Venturing out of the realm of current literature and into my own theoretical space, I have the beginnings of a meta-theory concerning the brain’s general higher level organization which centers around a serial core routing network.  We tend to think of the brain as massively parallel, which is true at the level of the cortical hierarchy described earlier.  But the fact is that at the highest level of organization, at the apex of the cortical pyramid you have a network involving largely the hippocampus, cortex, and the thalamus which is functionally serial.  We have a serial stream of consciousness which makes some sense for coordinating actions, language through a serial audible stream, and so on.  Our inner monologue is essentially serial at the conscious level.

Note that having a serial top level network is not in any sense preordained.  We could have evolved vocal cords which encoded two or more independent audio streams and had a community of voices echoing in our heads.  Indeed, the range of human mind space already encompasses such variants on the fringe.

In my current simple model, the (typically) serial inner core routing network would mostly function as a simple broadcast network which connects the highest layers of the cortex, hippocampus, and thalamus.  This core network maps to both the task-positive and task-negative networks in the neuroscience literature.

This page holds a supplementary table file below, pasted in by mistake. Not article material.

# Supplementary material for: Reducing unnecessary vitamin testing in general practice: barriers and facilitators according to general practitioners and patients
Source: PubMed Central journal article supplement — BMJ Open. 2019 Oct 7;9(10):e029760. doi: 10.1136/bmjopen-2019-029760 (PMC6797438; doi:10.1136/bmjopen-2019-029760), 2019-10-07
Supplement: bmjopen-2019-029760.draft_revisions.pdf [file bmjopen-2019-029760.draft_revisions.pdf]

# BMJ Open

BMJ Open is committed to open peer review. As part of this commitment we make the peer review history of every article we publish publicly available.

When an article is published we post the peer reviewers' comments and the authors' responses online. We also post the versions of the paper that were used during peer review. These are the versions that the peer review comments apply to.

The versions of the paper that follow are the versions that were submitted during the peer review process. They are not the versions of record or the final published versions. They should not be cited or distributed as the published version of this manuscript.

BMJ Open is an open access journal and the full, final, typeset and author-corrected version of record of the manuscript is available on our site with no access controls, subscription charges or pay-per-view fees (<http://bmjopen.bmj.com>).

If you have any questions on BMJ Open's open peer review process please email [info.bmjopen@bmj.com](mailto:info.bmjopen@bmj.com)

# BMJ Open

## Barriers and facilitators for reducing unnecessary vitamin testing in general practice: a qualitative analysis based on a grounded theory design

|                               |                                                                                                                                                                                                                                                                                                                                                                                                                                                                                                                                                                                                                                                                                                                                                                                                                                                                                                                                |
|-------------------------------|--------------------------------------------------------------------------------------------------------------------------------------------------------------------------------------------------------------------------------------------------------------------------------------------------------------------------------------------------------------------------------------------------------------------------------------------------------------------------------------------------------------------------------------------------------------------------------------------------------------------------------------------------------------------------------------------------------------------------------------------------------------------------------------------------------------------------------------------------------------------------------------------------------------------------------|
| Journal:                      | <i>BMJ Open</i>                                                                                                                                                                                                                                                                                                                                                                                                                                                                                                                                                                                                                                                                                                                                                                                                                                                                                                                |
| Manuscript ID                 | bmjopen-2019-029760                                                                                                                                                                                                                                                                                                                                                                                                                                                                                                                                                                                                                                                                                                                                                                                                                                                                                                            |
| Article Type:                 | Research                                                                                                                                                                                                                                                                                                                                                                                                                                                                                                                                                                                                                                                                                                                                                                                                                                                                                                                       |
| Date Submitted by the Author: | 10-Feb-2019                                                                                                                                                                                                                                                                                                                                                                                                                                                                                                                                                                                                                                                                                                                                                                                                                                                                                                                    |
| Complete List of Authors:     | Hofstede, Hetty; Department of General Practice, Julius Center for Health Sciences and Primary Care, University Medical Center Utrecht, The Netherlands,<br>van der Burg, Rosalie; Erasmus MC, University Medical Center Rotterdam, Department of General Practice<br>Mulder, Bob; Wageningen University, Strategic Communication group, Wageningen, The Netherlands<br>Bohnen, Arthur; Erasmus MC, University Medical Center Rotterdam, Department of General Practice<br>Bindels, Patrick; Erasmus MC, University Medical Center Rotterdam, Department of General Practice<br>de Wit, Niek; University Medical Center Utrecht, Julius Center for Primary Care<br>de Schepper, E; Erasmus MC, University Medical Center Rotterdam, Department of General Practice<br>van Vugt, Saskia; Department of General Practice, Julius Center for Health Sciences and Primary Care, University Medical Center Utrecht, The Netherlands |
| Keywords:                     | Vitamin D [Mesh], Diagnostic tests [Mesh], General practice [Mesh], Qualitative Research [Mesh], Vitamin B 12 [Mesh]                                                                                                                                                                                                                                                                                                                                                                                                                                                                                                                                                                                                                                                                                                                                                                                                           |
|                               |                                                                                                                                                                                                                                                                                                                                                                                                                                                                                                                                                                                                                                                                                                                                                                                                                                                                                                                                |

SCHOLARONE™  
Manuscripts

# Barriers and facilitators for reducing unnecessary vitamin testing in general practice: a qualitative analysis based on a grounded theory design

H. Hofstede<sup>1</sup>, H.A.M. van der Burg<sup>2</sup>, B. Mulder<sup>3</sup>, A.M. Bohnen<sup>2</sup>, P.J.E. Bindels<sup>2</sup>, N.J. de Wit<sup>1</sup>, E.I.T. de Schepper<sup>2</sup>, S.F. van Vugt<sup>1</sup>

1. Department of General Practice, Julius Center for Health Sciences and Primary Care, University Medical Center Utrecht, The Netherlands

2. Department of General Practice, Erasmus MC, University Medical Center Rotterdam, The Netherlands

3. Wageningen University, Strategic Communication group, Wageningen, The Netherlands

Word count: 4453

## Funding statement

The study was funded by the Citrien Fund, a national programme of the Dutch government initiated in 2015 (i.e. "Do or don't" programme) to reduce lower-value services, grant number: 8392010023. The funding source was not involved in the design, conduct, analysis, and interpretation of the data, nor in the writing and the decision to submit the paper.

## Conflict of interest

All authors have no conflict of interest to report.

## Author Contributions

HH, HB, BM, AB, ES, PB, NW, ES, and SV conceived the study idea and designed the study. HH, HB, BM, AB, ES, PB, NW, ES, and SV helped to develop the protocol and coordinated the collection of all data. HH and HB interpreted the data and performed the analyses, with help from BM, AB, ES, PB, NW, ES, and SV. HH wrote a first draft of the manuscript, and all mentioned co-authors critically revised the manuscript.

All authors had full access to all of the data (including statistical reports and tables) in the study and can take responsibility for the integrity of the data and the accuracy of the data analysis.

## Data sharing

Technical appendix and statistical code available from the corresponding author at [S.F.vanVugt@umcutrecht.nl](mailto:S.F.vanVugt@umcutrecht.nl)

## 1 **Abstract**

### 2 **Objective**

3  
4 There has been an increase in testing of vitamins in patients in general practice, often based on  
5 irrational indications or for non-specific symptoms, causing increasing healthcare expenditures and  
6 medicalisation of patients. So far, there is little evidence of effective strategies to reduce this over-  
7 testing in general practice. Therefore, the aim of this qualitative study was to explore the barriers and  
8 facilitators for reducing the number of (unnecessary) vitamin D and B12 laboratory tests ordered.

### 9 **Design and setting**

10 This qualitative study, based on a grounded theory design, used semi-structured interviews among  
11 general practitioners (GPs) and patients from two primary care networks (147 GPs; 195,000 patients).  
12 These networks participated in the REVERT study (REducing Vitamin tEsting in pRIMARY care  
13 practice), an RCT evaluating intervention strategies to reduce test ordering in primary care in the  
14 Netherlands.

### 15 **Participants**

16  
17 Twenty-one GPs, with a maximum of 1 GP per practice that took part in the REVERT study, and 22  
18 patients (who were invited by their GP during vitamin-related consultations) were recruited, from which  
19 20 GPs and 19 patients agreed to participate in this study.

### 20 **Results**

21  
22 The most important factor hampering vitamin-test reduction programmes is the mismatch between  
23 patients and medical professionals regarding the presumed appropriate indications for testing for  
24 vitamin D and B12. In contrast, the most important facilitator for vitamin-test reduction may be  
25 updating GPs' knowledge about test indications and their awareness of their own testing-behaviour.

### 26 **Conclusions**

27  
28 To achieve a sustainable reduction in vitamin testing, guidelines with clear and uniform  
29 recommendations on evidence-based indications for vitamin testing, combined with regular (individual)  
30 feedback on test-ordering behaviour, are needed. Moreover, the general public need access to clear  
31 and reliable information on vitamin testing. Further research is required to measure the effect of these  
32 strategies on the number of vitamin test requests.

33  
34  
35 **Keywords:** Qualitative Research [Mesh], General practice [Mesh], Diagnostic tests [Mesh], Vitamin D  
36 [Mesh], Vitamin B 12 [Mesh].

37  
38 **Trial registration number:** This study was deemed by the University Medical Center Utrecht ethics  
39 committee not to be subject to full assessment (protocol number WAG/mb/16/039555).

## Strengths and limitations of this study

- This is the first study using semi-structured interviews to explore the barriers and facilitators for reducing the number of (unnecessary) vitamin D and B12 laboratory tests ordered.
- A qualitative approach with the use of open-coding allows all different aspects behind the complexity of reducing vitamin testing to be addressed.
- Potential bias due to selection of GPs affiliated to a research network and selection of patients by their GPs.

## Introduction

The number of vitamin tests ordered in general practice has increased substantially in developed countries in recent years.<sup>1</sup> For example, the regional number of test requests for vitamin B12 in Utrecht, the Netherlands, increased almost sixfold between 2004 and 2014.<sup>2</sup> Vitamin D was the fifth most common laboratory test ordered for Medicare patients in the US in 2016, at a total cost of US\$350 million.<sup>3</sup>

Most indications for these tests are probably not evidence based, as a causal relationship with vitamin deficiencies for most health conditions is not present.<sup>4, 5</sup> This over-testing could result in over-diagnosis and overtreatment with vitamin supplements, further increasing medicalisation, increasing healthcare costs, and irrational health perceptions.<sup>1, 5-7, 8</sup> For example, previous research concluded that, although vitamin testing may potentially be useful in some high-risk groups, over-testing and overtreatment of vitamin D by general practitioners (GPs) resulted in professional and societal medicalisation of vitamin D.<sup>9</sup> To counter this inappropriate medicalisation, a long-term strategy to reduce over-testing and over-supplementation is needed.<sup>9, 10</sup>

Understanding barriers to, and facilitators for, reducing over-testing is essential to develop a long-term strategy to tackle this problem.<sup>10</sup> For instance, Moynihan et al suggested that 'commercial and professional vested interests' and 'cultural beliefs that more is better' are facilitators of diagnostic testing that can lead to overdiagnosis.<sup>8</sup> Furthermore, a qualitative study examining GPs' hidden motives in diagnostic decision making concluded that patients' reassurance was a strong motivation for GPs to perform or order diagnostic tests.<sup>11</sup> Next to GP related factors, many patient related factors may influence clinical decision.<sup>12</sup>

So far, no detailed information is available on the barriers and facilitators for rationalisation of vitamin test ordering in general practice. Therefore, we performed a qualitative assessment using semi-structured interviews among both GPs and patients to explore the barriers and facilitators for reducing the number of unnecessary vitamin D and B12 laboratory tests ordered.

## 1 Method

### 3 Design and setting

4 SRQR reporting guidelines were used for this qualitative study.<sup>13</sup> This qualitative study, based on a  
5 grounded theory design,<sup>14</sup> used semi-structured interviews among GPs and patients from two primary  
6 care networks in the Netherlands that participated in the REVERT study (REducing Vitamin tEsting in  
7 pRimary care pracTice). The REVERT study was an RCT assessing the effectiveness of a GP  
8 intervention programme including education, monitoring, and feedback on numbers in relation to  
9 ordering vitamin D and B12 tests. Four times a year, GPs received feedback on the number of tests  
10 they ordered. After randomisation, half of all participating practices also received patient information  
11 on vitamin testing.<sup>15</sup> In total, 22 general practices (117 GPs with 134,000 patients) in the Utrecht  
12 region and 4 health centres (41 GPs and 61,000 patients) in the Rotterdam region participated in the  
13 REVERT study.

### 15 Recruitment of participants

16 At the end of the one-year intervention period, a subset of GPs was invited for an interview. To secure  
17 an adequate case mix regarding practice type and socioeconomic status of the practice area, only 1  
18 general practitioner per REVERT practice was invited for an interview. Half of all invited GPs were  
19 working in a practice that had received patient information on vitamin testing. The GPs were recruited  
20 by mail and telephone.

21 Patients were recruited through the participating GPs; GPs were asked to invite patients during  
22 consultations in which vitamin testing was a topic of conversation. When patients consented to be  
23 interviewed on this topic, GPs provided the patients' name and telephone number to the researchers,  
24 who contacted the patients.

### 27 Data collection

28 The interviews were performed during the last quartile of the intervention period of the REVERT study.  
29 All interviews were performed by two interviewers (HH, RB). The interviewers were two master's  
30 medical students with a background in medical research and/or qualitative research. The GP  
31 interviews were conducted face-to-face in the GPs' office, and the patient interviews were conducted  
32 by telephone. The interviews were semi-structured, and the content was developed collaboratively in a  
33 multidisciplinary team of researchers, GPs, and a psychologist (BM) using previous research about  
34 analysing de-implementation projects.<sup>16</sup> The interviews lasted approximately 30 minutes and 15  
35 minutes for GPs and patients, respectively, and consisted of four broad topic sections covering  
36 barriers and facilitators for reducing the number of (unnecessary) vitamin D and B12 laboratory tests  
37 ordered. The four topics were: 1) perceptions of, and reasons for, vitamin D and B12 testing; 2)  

What types of messages are broadcast on the core routing network?  Thoughts, naturally.

The neuro-typical experience of a serial inner monologue is the reverberations of symbolic thoughts activating the speech and auditory pathways.  For most of us, we first learn to understand and then speak words through the audio interface, and then learn to read well after.  As you are reading these words, you are probably hearing a voice in your head.  Your projection of my voice to be exact.  In a literal sense, I am programming your mind right now.  But don’t be alarmed, this happens whenever you read and understand anything.

Perhaps if one learned words first through the visual senses and then later learned to understand speech, one would ‘see’ words in the mind’s eye.  I’m not aware of any such examples, this is just a thought experiment.